Upward migrated LDH to the axilla of the exiting nerve has been termed the “hidden zone’’ by Macnab in 1971, and accounts for 10% of patients with extruded LDH [10]. Preservation of the facet joints with the conventional posterior approach is challenging, and postoperative instability can be a concern.
The TLA was developed to approach the hidden zone directly from above by creating a window in the isthmus part of the lamina. Many reports exist using the transpars approach using the open technique by Di Lorenzo et al. [4] in 1998, as well as reports utilizing the caspase retractor, tubular retractor under the microscope, and endoscopic techniques [5,11]. Currently, an 8-mm full-endoscopic surgery is considered the least invasive technique [12-16].
The endoscope has a 25° angle at its tip, allowing for a wider osteotomy of the deeper layers compared to the superficial layers. This enables preservation of the medial and lateral lamina, thereby preventing iatrogenic spondylolisthesis.
The TFA for foraminal lesions is also effective [17]; however, accessing the medial side of the foramen at the L5/S1 level is challenging because of the iliac crest. Accessing the foramen in patients with degenerative narrowing of the L5 transverse process and sacral alar is also difficult. In such cases, the TLA is more suitable than the TFA.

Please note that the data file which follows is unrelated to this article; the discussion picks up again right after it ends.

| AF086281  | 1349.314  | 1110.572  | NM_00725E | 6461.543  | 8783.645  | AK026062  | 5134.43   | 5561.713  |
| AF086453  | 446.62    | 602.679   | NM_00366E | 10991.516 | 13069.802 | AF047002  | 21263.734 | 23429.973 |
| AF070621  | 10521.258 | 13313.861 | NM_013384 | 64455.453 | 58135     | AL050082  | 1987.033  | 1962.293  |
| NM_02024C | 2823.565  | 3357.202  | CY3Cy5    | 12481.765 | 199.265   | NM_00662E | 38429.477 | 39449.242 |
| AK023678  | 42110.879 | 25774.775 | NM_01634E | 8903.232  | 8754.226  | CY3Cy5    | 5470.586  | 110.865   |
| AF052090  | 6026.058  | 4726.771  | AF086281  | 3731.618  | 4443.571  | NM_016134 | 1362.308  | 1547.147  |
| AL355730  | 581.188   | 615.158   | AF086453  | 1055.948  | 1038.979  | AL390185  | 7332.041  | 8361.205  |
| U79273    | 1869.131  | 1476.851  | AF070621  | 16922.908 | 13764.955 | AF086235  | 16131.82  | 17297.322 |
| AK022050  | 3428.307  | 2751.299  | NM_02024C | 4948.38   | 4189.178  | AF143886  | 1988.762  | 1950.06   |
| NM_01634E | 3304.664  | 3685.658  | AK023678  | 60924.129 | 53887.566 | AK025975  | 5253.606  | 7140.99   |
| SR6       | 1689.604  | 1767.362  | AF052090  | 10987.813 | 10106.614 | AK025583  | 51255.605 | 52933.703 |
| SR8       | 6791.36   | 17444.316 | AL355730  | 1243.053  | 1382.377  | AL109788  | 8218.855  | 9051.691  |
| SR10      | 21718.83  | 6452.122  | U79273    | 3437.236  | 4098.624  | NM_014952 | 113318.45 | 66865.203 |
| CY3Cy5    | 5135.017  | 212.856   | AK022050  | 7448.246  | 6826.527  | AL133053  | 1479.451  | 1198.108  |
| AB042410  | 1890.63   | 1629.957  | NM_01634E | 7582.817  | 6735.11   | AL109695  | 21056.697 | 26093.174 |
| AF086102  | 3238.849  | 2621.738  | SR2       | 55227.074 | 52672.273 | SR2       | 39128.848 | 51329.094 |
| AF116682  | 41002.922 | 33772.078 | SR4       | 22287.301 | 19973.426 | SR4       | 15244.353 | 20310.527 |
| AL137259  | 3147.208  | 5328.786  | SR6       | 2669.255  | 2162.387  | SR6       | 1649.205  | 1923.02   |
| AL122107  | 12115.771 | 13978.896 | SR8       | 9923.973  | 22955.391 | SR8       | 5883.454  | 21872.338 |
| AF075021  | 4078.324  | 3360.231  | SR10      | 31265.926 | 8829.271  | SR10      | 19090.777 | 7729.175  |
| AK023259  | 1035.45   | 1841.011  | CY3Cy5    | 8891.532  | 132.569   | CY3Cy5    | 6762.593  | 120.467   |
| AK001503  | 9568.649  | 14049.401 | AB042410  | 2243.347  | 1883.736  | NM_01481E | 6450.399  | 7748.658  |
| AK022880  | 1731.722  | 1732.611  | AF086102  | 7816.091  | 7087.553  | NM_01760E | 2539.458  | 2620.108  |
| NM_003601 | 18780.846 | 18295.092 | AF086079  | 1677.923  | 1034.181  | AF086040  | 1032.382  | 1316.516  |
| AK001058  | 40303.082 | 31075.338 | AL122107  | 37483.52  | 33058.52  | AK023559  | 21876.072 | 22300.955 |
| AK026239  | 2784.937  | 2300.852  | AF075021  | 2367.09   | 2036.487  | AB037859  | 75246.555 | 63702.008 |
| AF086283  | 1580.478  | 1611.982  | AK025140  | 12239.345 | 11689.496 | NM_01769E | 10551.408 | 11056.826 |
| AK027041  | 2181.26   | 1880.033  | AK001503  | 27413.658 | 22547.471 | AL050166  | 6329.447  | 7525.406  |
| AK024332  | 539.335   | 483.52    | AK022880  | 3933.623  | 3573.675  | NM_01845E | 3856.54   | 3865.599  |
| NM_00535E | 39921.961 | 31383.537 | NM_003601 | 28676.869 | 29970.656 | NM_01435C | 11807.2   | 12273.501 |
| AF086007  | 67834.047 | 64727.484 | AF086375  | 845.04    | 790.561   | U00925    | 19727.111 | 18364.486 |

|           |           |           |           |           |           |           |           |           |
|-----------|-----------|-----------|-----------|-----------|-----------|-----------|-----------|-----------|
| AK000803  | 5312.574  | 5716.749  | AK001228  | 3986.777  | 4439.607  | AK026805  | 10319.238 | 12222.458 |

TLA is also useful for accessing the hidden zone at L4/5 and higher; although, iatrogenic spondylolisthesis due to excessive bone resection is possible, as the width of the isthmus becomes narrower anatomically at higher lumbar levels.
The average age of the patients in this study was slightly higher and many had mild foraminal stenosis. TLA can also enlarge the corresponding foramen in cases of foraminal stenosis by drilling the SAP [6-8].
Extraforaminal lesions are unsuitable for use in TLA because they are inaccessible. The posterolateral approach, which is accessed 5–8 cm lateral to the midline, is appropriate for extraforaminal pathologies. Therefore, an accurate preoperative diagnosis of the nerve root compression location using imaging and electrophysiological studies is crucial.